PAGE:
The Wick - Interview Artist Sue Webster The Wick - Interview Artist Sue Webster
Monday Muse

Interview Artist Sue Webster

Interview
Sue Webster
Photography
Robert Fairer
19 December 2021
Interview
Sue Webster
Photography
Robert Fairer
19 December 2021
London-based artist Sue Webster, who established her reputation in the mid-1990s, working with her then-partner Tim Noble, confirmed her rebel status in early December with the unveiling of her most recent body of work in a performance-cum-fashion show in her Hackney studio and home.

FULL LEATHER JACKETS, a collection of 18 customised leather jackets, pays tribute to Webster’s life-long appreciation of singer Siouxsie Sioux. It’s a theme she’s touched on before in her second biography I Was a Teenage Banshee (2019), which combines personal memoir with a visual narrative of her evolution as an artist.

During lockdown Webster regressed back to her teenage self when listening to Siouxsie and the Banshees helped guide her. Here she shares why she considers Siouxsie Sioux as an adopted mother figure and how becoming a mother herself has changed her.

THE WICK:   Talk us through your typical Monday.

Sue Webster:   I have an 18-month-old son, Spider-Ray, and weekends are all about him, so by Monday morning I’m usually clawing at the door to my studio to get back in and work on the ideas that have been brewing since Friday. I wake up most mornings usually between 6-7am, which is when Spider-Ray’s ready for action. It’s very painful during the winter months as I’m a big sleeper and find it difficult to justify getting out of bed in the dark. I’ll pick him up and put him into bed with me and switch Peppa Pig or something on the telly to try to occupy him while I crawl back under the covers until daylight creeps through the blackout blinds, then I feed him, bath and dress him. He’ll head off to nursery for 9am then I wander down the concrete staircase that leads like a labyrinth into the sanctuary that is my studio, my space, breathe a heavy sigh of relief and then that’s when all hell breaks loose. 

TW:   Light, rubbish and transformation are central to your work – how do you combine these?

SW:   I’ve always been a skip-diver. Back in my art student days at Nottingham if you saw a pair of skinny legs dangling over the edge of the skip in the sculpture department car park, looking for a piece of treasure someone else had chucked away, that’d be me. That’s one advantage of pushing a 4-wheel drive baby buggy around town, I made sure I bought one that had a big enough luggage compartment underneath for carrying the shopping so I can pile it up with any bits of junk I find when roaming the street.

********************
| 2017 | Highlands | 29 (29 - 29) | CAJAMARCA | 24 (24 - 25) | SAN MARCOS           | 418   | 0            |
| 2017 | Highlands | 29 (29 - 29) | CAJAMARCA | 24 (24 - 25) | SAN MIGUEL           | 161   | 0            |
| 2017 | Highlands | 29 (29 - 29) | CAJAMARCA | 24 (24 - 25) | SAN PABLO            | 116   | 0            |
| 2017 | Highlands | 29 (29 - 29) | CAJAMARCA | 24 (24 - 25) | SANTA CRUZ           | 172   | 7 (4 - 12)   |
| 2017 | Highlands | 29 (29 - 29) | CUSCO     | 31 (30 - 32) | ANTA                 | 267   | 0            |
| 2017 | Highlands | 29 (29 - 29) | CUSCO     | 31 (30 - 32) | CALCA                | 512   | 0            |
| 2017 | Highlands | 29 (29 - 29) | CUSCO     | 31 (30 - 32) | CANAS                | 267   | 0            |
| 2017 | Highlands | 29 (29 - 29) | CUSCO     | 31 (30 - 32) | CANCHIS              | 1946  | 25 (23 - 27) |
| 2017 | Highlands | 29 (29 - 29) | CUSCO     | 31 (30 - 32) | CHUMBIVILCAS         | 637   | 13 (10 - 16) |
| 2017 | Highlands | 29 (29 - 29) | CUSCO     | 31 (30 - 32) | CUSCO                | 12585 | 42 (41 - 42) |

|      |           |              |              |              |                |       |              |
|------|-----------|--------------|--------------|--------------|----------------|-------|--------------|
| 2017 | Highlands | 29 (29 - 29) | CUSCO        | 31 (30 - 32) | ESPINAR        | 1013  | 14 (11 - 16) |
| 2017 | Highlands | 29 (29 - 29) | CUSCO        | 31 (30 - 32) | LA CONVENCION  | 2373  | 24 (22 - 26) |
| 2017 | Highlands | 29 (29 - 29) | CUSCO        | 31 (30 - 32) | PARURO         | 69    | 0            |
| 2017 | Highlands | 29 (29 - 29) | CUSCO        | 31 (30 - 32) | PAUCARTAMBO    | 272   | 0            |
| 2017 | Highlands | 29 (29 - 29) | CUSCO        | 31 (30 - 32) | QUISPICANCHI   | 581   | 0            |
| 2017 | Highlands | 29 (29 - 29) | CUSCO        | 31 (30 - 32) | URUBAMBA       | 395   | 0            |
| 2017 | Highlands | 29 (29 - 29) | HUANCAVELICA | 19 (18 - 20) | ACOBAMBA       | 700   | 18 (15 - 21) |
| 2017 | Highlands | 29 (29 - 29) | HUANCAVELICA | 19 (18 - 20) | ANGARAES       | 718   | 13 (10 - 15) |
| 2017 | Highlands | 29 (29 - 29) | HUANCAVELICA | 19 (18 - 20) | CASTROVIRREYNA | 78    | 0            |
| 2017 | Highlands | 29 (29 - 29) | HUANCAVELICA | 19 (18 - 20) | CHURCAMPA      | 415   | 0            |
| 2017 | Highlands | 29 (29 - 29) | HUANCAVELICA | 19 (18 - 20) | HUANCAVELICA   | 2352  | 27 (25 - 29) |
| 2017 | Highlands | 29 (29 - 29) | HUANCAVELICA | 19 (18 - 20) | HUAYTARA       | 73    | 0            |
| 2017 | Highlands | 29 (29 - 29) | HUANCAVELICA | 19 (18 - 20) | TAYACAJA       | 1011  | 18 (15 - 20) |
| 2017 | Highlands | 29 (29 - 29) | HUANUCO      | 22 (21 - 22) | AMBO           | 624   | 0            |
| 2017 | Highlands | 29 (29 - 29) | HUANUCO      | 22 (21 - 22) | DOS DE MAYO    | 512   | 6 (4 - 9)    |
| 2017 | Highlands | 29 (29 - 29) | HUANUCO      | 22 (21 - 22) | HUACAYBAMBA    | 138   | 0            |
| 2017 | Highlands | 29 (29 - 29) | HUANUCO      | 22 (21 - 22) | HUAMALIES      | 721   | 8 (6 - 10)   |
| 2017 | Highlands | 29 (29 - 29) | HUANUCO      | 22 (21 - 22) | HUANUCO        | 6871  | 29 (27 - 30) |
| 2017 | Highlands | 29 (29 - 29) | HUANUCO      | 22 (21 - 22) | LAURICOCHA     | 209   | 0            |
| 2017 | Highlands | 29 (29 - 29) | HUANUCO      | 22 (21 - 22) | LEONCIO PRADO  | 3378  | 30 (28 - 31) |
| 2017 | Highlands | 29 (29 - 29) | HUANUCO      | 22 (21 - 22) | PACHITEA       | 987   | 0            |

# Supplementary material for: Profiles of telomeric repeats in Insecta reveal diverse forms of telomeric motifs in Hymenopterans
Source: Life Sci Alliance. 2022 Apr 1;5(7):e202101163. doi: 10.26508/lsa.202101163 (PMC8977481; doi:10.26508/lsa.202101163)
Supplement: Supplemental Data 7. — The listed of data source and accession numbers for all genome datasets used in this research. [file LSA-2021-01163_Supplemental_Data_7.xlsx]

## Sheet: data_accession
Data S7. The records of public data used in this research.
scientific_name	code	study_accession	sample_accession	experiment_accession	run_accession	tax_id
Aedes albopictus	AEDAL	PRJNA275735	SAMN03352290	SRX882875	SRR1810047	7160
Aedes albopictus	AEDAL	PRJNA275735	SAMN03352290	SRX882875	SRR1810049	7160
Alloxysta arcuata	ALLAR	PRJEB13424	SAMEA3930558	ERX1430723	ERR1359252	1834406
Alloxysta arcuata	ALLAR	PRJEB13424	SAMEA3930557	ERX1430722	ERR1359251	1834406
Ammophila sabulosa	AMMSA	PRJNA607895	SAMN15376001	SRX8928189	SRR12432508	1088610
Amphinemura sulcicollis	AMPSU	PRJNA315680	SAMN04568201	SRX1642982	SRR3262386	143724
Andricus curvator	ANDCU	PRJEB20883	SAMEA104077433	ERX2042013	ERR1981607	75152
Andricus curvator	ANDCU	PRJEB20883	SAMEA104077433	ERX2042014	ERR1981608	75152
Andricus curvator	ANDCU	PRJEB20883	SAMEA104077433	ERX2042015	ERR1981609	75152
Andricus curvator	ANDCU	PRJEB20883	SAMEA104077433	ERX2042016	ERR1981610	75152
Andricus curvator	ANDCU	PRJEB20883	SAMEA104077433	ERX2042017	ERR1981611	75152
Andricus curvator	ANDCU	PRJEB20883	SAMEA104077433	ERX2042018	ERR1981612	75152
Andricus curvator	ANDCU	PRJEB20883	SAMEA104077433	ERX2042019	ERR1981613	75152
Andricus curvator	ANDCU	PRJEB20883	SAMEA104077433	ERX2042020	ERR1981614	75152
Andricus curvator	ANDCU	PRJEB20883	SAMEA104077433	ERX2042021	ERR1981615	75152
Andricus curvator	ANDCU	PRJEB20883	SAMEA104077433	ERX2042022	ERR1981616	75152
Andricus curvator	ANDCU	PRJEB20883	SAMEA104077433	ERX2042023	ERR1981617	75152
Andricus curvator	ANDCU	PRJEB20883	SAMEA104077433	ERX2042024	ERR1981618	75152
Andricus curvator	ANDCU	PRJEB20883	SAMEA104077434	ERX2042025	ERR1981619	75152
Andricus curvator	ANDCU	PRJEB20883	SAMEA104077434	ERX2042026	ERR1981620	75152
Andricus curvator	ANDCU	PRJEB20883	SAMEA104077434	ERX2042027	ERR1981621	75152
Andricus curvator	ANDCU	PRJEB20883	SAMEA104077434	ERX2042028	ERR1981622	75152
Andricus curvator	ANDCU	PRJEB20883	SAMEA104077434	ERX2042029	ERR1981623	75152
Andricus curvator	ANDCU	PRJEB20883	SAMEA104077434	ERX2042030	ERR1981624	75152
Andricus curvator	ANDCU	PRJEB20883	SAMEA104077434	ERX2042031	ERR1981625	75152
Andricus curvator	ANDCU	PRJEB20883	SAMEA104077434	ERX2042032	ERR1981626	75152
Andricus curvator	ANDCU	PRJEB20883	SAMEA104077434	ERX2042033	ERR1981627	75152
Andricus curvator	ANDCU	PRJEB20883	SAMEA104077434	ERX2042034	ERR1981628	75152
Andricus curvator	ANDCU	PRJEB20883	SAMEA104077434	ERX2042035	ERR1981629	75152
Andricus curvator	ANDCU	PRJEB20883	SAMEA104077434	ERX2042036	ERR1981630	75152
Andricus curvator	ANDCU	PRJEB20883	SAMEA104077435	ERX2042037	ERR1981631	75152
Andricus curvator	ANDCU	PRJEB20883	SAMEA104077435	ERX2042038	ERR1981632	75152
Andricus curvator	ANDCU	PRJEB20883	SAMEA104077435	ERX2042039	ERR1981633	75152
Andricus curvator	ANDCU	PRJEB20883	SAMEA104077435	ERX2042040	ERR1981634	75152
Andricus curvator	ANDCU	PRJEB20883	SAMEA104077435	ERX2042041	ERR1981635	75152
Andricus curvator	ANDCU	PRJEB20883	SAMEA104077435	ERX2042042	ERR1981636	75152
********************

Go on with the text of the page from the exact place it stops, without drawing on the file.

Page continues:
TW:   You have written several books, how similar is the process of writing to making art?

CR:   They say that everyone has at least one book in them, and I wanted to test myself to see whether I had it in me. It was during a difficult period in my life, I was going through a major transition – I’d left the marital home and all of the security that comes with it, packed up my belongings, threw the keys through the letterbox and headed west. I holed up for a while in a Breaking Bad-style trailer in a field in Cornwall at the ends of the earth. I had a troubled adolescence that I had put in a box and closed the lid on, but I knew that in order to move forward I had to confront my teenage self, so I took a studio at Porthmeor Studios in St Ives overlooking the Atlantic and waited for it all to pour out.
 
Instead of staring at a blank canvas, you find yourself staring at a blank page or a computer screen – it’s just another way of unravelling your brain. 

TW:   What do you think is the biggest change the art world has seen in your 24-year career?

SW:   I’ve seen first-hand how money chased after art and then watched as art chased after the money.

“The whole punk rock movement in England in the late Seventies felt like one of the first instances where women were given equal importance.”

TW:   What did lockdown teach you?